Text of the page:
|Publication number||US4833567 A|
|Application number||US 07/107,890|
|Publication date||May 23, 1989|
|Filing date||Oct 9, 1987|
|Priority date||May 30, 1986|
|Publication number||07107890, 107890, US 4833567 A, US 4833567A, US-A-4833567, US4833567 A, US4833567A|
|Inventors||Elric Saaski, Robert J. Hannemann, Leslie R. Fox|
|Original Assignee||Digital Equipment Corporation|
|Export Citation||BiBTeX, EndNote, RefMan|
|Patent Citations (16), Non-Patent Citations (10), Referenced by (89), Classifications (16), Legal Events (5)|
|External Links: USPTO, USPTO Assignment, Espacenet|
This application is a continuation of application Ser. No. 869,505, filed May 30, 1986.
This invention relates to a heat pipe for cooling electronic components, and more particularly to an integral heat pipe module for cooling semiconductor chips.
Recent advances in semiconductor manufacturing technology have resulted in the increased miniaturization of integrated circuit chips. The new chips are able to perform more complex functions than their predecessors, yet are often of the same size or smaller. In order to perform these complex functions, the new chips consume more power than their predecessors, and as a consequence generate more heat. This is significant because most chips should be operated between 20° C. to 80° C. If a chip becomes too hot, the semiconductor junctions have a tendency to break down and the chip may malfunction. Thus, it is necessary to keep chips operating in a thermally stable environment by cooling them, to insure that they continually function properly.
A number of methods have been suggested and tried to remove the heat generated by chips. Cooling fins large enough to properly disipate the heat generated by a chip would be so large that supplying them would defeat the purpose of having a miniaturized chip. Cooling fans are unsuitable for the same reason. Furthermore, many cooling fans large enough to adequately cool integrated circuit chips weigh more and consume more power that the chips themselves.
There have also been some efforts at providing conduction cooling modules. These modules have a mechanical member with relatively low thermal resistance in contact with the surface of the chip. The mechanical member provides a conductive path to transfer the heat generated by the chip to a heat sink. These modules impose a mechanical stress on the chip because of the physical contact of the mechanical member. This stress is aggravated because the thermal expansion characteristics of the chip and mechanical member are usually significantly different. Also, because each module has a large number of components, they are relatively expensive to manufacture.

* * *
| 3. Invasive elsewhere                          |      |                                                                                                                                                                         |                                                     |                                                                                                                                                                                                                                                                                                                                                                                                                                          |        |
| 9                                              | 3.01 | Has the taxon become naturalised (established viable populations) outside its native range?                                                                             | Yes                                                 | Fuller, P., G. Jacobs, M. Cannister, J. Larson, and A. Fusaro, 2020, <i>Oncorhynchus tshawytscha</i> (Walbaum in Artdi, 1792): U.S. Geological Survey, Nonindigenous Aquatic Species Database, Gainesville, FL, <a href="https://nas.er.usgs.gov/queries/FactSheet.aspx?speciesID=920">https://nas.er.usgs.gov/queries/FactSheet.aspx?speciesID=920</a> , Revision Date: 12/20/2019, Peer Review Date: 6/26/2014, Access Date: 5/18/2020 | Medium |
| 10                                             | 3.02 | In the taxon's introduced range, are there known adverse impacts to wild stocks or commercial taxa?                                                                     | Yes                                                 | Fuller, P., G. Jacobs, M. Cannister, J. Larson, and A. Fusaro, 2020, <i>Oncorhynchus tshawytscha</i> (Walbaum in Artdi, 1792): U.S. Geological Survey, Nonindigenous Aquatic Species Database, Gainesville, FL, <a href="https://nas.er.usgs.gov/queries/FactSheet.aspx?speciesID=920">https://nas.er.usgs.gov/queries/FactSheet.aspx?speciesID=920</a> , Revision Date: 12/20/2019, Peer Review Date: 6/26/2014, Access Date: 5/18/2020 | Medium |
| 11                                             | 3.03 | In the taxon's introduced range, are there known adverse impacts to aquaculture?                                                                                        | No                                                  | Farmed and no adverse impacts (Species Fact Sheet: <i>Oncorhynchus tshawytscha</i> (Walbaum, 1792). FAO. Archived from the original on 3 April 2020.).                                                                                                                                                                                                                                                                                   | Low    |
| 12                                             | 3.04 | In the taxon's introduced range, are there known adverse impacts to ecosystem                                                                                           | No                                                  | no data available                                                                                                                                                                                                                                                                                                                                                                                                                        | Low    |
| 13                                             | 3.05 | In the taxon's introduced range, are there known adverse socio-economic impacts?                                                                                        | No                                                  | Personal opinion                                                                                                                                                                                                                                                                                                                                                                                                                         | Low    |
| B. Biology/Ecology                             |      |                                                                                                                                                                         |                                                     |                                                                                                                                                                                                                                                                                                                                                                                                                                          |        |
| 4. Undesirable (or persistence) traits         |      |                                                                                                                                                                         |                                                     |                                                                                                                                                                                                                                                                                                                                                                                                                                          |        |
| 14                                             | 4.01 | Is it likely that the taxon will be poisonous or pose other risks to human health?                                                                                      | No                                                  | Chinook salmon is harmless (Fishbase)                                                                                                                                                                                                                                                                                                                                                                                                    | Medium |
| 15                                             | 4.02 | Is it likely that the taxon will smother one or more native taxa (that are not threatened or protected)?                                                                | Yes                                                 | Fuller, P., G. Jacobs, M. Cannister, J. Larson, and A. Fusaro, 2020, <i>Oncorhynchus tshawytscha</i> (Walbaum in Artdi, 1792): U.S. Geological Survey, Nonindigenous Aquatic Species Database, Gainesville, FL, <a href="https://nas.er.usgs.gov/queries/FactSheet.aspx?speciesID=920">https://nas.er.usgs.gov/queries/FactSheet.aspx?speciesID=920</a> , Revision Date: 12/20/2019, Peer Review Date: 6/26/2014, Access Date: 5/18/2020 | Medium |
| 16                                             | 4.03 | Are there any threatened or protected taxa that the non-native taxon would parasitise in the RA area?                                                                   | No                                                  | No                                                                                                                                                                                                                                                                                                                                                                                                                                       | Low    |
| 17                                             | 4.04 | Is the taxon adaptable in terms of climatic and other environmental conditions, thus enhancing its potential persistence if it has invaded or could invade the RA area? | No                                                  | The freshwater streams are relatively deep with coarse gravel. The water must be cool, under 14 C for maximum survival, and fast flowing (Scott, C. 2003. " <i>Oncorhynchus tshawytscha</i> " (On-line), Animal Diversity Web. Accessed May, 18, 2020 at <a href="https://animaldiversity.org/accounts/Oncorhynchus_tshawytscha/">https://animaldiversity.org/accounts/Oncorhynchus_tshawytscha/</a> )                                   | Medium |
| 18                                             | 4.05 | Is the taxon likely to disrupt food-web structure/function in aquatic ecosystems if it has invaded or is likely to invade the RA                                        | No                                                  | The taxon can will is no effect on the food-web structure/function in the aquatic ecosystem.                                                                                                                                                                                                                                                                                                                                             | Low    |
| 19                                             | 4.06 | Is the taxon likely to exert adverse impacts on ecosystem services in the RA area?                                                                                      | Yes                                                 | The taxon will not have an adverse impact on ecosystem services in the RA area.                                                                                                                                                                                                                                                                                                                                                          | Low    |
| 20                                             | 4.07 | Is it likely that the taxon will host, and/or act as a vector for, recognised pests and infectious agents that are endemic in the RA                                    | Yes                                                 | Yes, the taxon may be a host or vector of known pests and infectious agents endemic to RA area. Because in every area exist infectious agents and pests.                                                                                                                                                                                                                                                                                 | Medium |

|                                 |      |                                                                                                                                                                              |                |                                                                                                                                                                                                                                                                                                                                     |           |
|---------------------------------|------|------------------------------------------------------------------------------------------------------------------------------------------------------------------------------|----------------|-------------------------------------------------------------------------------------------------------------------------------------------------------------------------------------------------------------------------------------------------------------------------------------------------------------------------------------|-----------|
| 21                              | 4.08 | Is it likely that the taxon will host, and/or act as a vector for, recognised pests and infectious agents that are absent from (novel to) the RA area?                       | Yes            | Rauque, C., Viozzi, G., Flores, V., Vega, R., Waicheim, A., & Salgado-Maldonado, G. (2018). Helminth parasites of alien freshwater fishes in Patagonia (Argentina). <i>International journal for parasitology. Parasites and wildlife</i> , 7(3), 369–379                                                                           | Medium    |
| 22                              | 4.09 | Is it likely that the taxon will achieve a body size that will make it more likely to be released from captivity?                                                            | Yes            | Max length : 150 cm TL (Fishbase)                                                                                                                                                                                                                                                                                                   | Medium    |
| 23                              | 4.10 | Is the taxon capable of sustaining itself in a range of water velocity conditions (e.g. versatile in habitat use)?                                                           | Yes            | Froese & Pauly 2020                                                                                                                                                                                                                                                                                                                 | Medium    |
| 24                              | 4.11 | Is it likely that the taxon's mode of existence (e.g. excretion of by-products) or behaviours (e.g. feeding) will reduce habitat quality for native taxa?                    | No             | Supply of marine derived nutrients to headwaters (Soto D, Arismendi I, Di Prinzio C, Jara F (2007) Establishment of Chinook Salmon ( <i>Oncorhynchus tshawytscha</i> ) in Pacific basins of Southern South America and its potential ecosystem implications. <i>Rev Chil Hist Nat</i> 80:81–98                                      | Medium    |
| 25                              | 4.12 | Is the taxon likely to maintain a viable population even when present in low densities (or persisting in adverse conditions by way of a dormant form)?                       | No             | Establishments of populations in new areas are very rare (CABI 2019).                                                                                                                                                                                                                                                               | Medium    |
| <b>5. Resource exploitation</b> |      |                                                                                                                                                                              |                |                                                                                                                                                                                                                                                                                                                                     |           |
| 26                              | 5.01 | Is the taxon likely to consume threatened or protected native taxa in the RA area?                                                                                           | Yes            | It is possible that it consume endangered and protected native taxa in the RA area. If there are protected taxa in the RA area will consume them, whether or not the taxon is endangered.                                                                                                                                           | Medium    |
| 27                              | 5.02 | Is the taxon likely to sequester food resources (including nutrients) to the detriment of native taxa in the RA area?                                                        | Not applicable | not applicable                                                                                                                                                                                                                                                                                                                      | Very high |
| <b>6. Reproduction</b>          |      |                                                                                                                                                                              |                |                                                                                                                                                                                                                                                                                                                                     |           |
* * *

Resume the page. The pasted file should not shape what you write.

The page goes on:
Heat pipes have also been used to dissipate heat generated by semiconductor chips. Heat pipes are closed systems having a two-phase working fluid inside a container. The working fluid has a vaporization temperature within the operative temperature range of the chips to be cooled. One end of the heat pipe is exposed to the component to be cooled and the opposite end is exposed to a heat sink. The heat generated by the chip vaporizes the working fluid in the adjacent section of the pipe. The vapor travels to the cooler regions of the pipe. The latent heat of vaporization is then transferred by conduction to the heat sink, and the vapor condenses. The condensed liquid is transferred back to the end of the pipe adjacent to the component to repeat the cycle.
"Two types of heat pipes have been used to cool semiconductor chips. External heat pipes are located adjacent to the external packages of a number of electronic components. These external heat pipes are characterized by relatively high thermal resistance between the chips external packages and the thermal input ends of the heat pipes. Thus, external heat pipes are not particularly efficient at transferring heat away from chips. Also, external heat pipes are relatively large, and are not space efficient to use for cooling a small number of chips."